NASHUA — Two city officials say Police Commissioner Thomas Pappas should resign because of his involvement with state Rep. David Campbell and an accident in which the lawmaker ran over and killed five ducks.
"Commissioner Pappas should resign, but does not seem inclined to do so," said Alderman Ken Siegel, Ward 9. "... Now, we can only sit idly by and hope that the governor puts ethics ahead of politics."
Members of Nashua's police commission are appointed by the governor.
According to a police report, Campbell had a couple of drinks at a Crowne Plaza restaurant Dec. 23 and then ran over several mallard ducks with his BMW outside the hotel. Pappas, Campbell's friend and attorney, then picked up Campbell from the hotel.
Pappas contacted the police department about two hours after the accident to ask if Campbell could come to the police station the next day.
Campbell pleaded no contest to a charge of illegal taking of waterfowl. He was not charged with drunk driving, and has repeatedly said he was not intoxicated.
"I think the honorable thing would be to step away," Alderman-at-Large Diane Sheehan said of Pappas. "If he is in charge of deciding what is ethical for the police department, then I agree — I think the level of ethics we ask police to stand up to should be followed by its leadership, which needs to do the same."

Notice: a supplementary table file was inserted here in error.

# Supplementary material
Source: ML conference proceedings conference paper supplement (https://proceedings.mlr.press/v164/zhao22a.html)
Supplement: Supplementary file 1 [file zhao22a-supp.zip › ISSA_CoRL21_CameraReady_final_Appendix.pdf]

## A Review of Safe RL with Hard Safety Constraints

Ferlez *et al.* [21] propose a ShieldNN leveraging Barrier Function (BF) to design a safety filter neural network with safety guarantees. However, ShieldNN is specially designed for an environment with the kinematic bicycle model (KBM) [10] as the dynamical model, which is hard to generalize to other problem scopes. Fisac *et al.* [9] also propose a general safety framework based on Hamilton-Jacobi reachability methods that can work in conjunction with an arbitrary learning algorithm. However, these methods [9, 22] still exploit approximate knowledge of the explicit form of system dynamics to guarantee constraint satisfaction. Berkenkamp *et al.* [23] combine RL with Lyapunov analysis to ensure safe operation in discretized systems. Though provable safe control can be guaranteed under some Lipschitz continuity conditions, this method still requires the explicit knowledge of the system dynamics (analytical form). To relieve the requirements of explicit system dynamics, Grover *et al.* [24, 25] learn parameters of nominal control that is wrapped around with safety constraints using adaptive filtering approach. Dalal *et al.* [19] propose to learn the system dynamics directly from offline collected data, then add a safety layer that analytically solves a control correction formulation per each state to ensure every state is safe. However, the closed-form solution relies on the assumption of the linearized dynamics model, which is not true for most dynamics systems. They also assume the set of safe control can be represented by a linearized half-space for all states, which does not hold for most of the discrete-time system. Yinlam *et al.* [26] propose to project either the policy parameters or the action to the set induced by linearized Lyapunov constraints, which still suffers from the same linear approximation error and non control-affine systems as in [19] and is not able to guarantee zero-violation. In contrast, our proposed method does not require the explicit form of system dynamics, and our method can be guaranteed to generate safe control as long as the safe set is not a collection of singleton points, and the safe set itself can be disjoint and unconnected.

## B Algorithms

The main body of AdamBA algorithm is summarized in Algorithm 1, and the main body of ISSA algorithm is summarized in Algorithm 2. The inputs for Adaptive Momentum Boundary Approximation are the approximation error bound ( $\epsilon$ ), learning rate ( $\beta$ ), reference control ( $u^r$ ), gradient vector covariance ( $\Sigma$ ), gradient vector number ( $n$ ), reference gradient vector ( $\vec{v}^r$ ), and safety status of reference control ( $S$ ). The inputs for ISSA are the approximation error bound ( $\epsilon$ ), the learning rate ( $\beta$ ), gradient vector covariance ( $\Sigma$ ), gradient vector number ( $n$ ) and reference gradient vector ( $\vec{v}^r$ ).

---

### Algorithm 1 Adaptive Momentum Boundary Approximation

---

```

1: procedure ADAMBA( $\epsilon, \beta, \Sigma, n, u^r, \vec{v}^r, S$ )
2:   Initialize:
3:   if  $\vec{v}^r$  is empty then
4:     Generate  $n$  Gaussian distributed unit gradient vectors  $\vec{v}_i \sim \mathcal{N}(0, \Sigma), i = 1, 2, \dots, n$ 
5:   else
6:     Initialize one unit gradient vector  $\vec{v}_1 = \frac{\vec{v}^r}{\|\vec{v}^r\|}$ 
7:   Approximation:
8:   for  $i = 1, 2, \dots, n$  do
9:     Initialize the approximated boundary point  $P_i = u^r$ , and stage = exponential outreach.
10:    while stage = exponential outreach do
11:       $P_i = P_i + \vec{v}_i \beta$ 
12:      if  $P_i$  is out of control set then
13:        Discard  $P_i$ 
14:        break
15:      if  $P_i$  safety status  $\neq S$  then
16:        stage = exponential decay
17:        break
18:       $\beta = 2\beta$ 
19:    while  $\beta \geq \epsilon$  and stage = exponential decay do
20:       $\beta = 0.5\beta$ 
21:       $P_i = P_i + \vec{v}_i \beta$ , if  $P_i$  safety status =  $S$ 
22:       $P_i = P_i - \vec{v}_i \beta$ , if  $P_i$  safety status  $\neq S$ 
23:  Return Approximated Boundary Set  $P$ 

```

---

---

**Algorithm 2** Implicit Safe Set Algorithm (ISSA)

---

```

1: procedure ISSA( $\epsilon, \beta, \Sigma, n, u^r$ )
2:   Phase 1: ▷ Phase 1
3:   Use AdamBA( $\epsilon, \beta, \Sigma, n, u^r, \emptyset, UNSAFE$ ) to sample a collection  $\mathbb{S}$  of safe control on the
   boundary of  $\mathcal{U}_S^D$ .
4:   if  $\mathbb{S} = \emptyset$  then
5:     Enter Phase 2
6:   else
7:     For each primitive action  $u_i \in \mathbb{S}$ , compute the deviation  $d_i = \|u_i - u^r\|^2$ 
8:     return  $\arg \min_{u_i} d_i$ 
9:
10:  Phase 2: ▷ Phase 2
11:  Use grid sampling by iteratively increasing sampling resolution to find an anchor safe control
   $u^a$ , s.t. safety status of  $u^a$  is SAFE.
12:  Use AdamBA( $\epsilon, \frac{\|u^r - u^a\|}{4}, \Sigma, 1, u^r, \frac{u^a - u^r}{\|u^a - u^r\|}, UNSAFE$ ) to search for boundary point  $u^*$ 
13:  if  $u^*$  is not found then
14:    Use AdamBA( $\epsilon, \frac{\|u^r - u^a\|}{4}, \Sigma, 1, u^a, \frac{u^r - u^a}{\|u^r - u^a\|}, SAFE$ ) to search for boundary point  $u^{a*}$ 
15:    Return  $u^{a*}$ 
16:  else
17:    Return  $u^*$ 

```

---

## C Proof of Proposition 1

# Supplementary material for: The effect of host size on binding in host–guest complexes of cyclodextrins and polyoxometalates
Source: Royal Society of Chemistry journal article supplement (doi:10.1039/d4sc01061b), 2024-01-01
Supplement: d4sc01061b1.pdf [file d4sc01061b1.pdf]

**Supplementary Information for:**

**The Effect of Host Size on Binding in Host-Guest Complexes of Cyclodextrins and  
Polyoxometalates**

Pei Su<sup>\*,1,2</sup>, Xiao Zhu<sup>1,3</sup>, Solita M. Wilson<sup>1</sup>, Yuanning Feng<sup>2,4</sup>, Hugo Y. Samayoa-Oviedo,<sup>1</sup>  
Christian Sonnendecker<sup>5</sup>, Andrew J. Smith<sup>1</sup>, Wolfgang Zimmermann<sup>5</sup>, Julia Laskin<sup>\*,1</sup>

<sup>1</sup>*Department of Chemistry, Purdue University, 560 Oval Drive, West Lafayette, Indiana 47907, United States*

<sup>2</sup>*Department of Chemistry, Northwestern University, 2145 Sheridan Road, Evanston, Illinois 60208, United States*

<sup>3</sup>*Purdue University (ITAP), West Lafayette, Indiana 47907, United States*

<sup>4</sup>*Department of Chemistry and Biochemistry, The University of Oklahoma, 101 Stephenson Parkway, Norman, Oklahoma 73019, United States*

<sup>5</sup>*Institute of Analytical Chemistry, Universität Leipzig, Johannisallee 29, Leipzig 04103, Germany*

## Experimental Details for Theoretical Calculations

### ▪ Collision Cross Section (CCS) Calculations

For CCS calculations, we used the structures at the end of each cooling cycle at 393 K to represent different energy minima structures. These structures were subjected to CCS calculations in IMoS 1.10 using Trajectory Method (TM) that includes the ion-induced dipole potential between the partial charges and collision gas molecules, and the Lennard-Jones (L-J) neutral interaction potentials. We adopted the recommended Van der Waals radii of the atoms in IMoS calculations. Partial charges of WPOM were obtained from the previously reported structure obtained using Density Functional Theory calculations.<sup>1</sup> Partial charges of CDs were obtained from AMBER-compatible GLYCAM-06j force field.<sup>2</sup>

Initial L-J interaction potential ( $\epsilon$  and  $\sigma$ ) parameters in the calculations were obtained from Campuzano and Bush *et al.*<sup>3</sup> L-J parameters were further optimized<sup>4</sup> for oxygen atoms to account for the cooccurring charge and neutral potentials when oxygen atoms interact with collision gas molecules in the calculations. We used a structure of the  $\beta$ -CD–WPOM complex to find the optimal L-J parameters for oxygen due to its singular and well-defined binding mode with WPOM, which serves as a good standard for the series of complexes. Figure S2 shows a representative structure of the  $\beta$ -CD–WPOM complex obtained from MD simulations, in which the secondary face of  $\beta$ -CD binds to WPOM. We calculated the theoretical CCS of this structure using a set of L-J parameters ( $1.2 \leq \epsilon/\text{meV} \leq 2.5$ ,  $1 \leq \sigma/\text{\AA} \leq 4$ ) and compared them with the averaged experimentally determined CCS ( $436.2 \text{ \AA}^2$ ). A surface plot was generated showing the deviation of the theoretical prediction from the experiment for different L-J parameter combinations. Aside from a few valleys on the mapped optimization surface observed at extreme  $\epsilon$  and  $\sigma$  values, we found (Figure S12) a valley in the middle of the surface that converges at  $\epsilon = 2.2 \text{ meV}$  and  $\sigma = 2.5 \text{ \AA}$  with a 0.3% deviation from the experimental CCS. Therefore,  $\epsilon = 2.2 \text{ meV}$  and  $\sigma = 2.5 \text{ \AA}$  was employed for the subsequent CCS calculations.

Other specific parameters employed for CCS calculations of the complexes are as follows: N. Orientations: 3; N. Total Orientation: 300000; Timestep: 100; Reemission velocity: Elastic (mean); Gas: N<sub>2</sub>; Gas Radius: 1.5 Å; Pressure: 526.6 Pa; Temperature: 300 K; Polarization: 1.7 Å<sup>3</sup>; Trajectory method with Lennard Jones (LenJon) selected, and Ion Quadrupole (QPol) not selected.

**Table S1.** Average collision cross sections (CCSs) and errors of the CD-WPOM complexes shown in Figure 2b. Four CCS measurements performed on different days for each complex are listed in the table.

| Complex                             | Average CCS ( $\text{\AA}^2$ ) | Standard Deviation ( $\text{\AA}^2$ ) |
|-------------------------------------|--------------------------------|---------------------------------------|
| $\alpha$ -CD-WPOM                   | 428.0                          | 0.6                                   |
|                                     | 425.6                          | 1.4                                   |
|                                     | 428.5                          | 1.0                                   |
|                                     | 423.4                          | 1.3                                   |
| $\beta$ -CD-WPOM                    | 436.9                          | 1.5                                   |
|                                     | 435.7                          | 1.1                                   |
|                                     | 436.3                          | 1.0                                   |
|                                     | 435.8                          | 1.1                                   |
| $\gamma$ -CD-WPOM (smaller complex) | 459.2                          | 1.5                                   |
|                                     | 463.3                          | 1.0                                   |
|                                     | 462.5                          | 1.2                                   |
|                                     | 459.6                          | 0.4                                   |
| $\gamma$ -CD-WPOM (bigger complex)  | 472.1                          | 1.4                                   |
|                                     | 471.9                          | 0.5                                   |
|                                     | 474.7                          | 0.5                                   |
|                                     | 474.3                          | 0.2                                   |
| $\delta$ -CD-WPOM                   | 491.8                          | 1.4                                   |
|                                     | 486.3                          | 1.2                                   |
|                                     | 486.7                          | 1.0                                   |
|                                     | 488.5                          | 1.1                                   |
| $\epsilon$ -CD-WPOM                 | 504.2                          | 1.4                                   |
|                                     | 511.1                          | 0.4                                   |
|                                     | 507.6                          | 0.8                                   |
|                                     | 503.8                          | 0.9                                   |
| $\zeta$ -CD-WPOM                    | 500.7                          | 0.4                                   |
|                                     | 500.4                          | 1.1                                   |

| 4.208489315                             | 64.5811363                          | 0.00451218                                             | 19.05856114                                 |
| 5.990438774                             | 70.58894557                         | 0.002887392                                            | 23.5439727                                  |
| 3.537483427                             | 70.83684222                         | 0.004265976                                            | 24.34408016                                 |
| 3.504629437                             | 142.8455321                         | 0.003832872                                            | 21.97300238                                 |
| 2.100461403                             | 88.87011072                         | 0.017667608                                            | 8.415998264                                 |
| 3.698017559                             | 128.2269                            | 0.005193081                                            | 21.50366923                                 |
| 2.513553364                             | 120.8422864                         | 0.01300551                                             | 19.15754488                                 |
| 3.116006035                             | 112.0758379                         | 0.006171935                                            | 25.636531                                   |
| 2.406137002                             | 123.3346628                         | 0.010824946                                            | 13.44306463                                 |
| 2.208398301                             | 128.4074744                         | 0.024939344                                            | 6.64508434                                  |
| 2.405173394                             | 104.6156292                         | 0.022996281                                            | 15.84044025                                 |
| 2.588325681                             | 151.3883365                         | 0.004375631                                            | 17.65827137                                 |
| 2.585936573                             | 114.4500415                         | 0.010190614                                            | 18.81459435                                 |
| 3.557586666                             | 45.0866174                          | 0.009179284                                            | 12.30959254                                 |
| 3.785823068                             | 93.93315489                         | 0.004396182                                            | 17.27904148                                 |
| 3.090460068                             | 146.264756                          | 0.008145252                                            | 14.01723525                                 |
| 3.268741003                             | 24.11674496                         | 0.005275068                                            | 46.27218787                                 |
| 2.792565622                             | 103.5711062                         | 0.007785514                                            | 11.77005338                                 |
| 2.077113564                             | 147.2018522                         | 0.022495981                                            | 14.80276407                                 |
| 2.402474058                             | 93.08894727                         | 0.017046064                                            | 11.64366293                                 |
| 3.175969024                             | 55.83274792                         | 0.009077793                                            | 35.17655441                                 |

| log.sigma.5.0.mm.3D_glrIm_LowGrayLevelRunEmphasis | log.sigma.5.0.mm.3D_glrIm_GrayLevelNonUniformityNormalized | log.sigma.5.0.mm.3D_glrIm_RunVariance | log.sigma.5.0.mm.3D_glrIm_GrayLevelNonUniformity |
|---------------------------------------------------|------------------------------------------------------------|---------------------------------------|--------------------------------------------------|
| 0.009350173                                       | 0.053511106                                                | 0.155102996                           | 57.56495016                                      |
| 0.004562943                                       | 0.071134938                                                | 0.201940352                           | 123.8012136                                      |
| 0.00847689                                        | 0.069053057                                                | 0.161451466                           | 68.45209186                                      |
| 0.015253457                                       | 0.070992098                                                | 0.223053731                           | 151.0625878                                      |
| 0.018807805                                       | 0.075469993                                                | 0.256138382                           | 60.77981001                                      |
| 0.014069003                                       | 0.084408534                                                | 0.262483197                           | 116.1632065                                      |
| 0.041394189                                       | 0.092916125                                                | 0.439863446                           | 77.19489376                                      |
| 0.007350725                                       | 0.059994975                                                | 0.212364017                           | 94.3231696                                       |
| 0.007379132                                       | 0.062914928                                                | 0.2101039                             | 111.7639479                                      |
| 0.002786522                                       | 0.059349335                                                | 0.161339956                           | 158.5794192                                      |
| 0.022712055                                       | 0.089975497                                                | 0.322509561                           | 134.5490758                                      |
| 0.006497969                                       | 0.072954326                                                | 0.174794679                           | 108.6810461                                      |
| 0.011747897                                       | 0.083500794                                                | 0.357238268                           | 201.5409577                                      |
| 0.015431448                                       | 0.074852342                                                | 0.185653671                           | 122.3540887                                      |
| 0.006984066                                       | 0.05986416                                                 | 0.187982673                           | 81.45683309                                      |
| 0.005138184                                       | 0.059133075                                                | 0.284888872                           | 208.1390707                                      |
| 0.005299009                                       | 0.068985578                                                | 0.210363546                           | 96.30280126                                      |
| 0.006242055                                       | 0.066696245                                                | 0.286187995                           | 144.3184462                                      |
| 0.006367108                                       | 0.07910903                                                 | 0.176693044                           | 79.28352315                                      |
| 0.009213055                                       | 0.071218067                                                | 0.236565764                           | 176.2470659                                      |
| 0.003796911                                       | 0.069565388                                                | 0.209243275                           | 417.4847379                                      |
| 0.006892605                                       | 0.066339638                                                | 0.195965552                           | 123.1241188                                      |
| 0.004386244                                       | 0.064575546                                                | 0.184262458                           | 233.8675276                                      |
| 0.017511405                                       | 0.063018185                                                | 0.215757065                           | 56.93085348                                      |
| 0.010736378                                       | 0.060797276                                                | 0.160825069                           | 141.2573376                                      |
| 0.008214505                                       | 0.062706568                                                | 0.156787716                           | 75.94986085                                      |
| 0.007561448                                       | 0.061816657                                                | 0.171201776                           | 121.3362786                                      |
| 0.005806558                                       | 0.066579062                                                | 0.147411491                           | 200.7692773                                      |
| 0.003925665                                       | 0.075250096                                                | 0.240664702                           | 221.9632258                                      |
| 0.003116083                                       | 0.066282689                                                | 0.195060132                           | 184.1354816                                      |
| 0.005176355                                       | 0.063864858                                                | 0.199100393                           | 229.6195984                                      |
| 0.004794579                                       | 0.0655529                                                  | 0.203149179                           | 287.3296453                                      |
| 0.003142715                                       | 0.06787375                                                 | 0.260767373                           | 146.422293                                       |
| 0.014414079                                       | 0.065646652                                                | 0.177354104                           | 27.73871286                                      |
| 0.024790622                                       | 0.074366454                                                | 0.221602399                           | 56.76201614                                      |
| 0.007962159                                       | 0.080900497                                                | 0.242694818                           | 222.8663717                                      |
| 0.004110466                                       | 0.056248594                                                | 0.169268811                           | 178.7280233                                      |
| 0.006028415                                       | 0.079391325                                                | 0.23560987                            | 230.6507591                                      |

Pappas, chairman of the Nashua Police Commission, has remained silent about his involvement in Campbell's accident, and has not returned repeated phone calls and emails seeking comment. The remaining two police commissioners — Thomas Maffee and Robert Valade — also are not commenting.
Attorney General Joe Foster said last week that his department is reviewing police reports and audio recordings from the incident to determine whether a further probe is necessary. However, Foster said an official investigation has not yet been opened. Police Chief John Seusing has maintained that Pappas' intervention did not influence Campbell's case.
"The Nashua Police Department looked into this incident at the Crowne Plaza thoroughly, and charged Mr. Campbell with what we thought was the most appropriate charge," Seusing said last week.
Campbell has repeatedly apologized for the incident. He paid a fine of $620 for the violation, a $75 restitution payment and a donation of $695 to New Hampshire Audubon.